BUSES GO EVERYWHERE IN ECUADOR, BUT NOWHERE IS BUS FRIENDLY

William Shain - Ecuador


September 22, 2018

This is the wisdom that I have gained in my short time here in Ecuador.
Though pickup trucks and small cars make up more than 80% of the
automobiles that you see on the road, giant 40+ person buses dominate the
paths as they hurdle past town after town, always en route to the next
stop. Here are some guarantees: You will encounter someone selling
something, be it fruit or ice cream, or a miracle new vitamin that you need
because your stomach has too many chemicals and not enough minerals. You
will try to pay five times before the bus worker finally comes asking for
money. And you will be caught off guard as the bus slows down for you but
never comes to a complete stop. All these things make riding the bus here
the experience that it is, and though some might sound less than fantastic
I’m sure not a single fellow would want to change it.

The past week has been fantastic! Starting my job came with apprehensions
of course, but to a nice surprise I discovered that I am in one of the
coolest apprenticeships out there. Working for Vibrant Village, a US-based
NGO that works in more than 22 countries, comes with volunteering in more
than 16 communities across northern Ecuador and daily drives of more than
an hour into the Andes mountains. After a quick introduction on the first
day, our boss told us we would be heading to a town called La Armenia to do
site visits and gain intel on how different farmers that VV had been
supporting were doing. This took us to a quaint little farm on the side of
a mountain. We met a nice family who continuously offered us their peaches,
mandarins and passion fruit (which had been picked the day before from
fields no more than 50 meters away) and subsequently showed us their new
calf that had been born less than 20 minutes before we got there. After two
other similar site visits we called it a day and returned to Pimampiro. The
following day we returned to the same town and led a workshop on soil
conservation, including an experiment with natural fertilizer and control
vs experimental groups. Needless to say, the job is amazing and the views…
well you tell me.

I’d like to share another anecdote for this week’s blog. Jose Luis, the
same host brother I mentioned in the last post, and I have begun to form a
great friendship. Through things like runs, going to the discoteca, and
working around the house, I’ve been able to get to know more about him and
Pimampiro as well. You might call me curious (Jose definitely would) but
I’d love to learn something everyday and so I try to constantly ask
questions to get there. Jose spent a lot of time this week telling me about
the history of Pimampiro, who’s official founding dates back a little less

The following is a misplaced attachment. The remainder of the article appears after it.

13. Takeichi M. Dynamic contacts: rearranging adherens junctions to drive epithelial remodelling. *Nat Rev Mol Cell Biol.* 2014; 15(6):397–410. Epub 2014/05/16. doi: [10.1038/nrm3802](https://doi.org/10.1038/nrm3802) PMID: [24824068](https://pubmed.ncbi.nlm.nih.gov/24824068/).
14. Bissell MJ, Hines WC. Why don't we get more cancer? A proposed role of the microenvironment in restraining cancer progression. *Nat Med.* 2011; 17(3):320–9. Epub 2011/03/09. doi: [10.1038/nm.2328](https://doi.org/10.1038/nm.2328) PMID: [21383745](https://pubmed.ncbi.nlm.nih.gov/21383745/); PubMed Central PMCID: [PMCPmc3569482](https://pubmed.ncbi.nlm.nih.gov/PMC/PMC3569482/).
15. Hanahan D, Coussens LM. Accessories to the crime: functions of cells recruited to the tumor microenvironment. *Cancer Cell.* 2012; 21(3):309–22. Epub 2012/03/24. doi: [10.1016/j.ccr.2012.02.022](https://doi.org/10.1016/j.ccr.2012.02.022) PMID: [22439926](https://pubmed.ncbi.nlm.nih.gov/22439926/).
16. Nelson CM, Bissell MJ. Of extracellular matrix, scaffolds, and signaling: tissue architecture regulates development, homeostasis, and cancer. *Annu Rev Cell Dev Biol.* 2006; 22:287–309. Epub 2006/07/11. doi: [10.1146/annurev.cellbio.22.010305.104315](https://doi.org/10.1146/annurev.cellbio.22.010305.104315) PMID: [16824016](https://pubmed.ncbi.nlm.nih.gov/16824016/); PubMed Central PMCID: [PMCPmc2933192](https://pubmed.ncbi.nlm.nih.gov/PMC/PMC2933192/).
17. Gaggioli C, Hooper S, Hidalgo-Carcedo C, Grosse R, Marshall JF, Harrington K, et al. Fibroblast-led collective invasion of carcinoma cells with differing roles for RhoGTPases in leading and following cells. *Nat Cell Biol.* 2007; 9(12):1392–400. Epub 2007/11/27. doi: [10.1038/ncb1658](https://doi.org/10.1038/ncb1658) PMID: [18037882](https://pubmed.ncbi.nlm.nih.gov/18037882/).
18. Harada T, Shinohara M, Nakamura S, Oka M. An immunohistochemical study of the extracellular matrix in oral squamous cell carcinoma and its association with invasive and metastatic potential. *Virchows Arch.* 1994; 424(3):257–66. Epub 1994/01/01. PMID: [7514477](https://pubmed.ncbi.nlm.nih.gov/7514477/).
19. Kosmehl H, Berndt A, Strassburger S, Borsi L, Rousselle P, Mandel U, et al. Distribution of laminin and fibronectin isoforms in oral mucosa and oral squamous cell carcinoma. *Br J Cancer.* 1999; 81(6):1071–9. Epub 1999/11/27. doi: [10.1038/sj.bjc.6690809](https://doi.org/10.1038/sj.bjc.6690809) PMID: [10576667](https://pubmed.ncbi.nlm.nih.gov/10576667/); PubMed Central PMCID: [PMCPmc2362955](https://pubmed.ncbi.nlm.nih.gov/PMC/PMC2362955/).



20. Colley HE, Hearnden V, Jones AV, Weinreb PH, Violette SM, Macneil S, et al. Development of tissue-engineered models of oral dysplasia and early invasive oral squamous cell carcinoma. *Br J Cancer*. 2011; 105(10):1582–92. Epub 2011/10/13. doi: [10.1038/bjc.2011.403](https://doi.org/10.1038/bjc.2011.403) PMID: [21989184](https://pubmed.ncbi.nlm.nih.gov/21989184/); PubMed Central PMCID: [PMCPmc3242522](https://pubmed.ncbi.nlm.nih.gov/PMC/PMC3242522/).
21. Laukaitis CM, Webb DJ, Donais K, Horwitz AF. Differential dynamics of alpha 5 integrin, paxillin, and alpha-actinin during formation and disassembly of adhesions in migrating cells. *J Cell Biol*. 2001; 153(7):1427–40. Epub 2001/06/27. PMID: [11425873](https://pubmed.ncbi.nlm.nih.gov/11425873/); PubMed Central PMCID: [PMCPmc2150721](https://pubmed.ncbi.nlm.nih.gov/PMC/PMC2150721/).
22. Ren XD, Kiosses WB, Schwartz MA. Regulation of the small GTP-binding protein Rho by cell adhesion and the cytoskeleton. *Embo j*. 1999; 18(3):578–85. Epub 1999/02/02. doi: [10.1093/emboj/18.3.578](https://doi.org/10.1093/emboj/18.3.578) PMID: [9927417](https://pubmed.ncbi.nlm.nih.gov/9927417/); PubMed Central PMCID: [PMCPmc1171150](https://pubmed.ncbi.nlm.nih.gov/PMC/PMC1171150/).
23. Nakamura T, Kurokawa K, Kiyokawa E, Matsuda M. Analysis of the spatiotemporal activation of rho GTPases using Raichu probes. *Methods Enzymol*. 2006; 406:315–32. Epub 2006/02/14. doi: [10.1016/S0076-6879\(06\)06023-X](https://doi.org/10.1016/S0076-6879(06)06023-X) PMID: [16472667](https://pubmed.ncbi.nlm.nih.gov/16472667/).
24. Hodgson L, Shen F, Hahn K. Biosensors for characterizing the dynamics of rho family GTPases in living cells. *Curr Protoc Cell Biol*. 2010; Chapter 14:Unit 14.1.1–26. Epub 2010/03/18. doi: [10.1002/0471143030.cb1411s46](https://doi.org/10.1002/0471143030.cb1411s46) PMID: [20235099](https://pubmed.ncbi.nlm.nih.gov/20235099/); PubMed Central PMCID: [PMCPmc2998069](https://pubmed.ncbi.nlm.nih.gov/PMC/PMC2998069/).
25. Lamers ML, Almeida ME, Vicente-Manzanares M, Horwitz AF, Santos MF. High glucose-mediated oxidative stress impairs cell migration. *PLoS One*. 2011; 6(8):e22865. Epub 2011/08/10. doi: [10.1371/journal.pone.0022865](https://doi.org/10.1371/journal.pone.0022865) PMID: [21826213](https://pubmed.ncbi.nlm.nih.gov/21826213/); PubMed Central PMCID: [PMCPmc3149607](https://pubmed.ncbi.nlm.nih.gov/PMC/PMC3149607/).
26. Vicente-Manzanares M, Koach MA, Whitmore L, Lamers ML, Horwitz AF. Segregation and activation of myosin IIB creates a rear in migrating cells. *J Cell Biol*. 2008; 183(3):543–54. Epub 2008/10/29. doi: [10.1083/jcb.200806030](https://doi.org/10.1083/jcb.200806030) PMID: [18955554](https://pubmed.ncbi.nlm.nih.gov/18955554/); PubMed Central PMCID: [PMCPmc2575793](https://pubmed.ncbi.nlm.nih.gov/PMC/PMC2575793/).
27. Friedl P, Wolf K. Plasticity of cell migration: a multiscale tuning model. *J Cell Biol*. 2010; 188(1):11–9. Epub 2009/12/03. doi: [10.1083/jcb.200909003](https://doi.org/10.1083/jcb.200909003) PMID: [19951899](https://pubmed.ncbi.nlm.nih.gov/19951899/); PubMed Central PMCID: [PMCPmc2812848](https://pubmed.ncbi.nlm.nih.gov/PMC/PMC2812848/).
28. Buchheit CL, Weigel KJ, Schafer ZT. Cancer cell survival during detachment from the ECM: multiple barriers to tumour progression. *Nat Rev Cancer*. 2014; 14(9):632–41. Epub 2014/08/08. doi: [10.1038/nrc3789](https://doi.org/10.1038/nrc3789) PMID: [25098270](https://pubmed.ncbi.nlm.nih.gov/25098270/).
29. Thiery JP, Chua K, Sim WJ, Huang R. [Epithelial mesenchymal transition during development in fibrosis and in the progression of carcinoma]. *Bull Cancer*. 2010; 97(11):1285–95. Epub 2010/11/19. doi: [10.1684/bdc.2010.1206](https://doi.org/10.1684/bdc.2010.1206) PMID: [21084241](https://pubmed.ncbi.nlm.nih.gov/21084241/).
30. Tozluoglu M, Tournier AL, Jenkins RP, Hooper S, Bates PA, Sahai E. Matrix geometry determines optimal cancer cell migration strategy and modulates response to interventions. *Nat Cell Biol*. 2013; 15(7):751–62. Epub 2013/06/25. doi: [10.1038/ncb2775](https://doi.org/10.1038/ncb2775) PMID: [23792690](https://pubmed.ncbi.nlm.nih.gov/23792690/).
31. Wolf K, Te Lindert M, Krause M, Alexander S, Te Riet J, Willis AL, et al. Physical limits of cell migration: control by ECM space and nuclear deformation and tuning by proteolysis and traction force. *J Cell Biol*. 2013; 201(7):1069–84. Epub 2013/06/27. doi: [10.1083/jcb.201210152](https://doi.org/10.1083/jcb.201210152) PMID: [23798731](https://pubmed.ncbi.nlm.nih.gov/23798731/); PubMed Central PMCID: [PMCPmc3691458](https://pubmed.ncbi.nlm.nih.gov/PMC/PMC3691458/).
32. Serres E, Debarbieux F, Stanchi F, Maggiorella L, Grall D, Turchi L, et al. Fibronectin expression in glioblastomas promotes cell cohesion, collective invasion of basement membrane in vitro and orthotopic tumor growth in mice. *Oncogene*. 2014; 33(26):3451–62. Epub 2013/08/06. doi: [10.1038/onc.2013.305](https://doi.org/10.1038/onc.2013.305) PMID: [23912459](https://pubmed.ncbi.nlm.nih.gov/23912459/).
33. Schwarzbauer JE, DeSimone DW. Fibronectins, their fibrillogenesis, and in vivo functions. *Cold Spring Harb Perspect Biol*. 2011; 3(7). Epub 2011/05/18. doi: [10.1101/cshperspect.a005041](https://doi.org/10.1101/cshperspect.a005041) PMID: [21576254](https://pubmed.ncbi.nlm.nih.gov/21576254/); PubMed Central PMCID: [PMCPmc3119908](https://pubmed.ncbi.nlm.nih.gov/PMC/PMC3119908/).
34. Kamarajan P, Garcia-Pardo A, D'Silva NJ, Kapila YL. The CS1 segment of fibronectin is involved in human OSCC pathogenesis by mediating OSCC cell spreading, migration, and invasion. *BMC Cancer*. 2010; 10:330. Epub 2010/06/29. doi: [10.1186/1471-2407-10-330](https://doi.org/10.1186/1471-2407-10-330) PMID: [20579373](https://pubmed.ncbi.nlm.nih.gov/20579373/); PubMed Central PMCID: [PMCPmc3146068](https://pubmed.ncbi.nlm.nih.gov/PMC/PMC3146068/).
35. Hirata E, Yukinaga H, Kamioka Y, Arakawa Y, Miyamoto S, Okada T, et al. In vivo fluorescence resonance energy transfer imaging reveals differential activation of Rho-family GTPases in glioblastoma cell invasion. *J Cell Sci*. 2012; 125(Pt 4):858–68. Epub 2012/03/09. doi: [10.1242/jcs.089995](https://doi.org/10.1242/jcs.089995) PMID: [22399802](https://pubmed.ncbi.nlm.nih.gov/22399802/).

than 50 years. However, the area has been populated for centuries now,
dating back to the time of the Inca’s. When I asked Jose Luis if there was
any evidence of this he went downstairs and pulled out an Incan doll,
bowls, and vases to show. After asking how much this had all cost he
laughed and told me they regularly found artifacts while working in the
field. When I was quite obviously shocked at the centuries-old artifacts
that I was holding in my hand, Jose mentioned that years before, a man had
done some excavating on his land and found a room the size of a large tool
shed filled with jewels, vases, sculptures, and full sized statues.
Apparently, news quickly spread of this find and soon government workers
showed up and declared that because the man had excavated to a certain
point to find this, it was the property of the state. The area was cemented
shut and nobody has seen it ever since. Another man from the early days of
Pimampiro would exchange alcohol for Inca relics from local indigenous
people. Abusing their appreciation for the newly found sugarcane liquor,
this man made millions in selling these artifacts to outside buyers, losing
the history forever. Coming from a country that has only a few centuries of
history, and of course the thousands of years of native history that has
been continuously adulterated and looked over, I found all of this
absolutely ridiculous. Even with my limited exposure and knowledge, most
recently coming from events surrounding Standing Rock with the Dakota
Pipeline (which no one seems to talk about anymore) I know that there HAS
to be more of an appreciation for these amazing groups. If you’re reading
this, I charge you to read a article about a native tribe where you’re from
and tell at least one person this week about it. It all starts with you. So
here I am, living with a family in the Andes mountains, quite literally
surrounded by history itself, the least I can do is learn from it and pass
it on to you all.

All the best,

Will

William Shain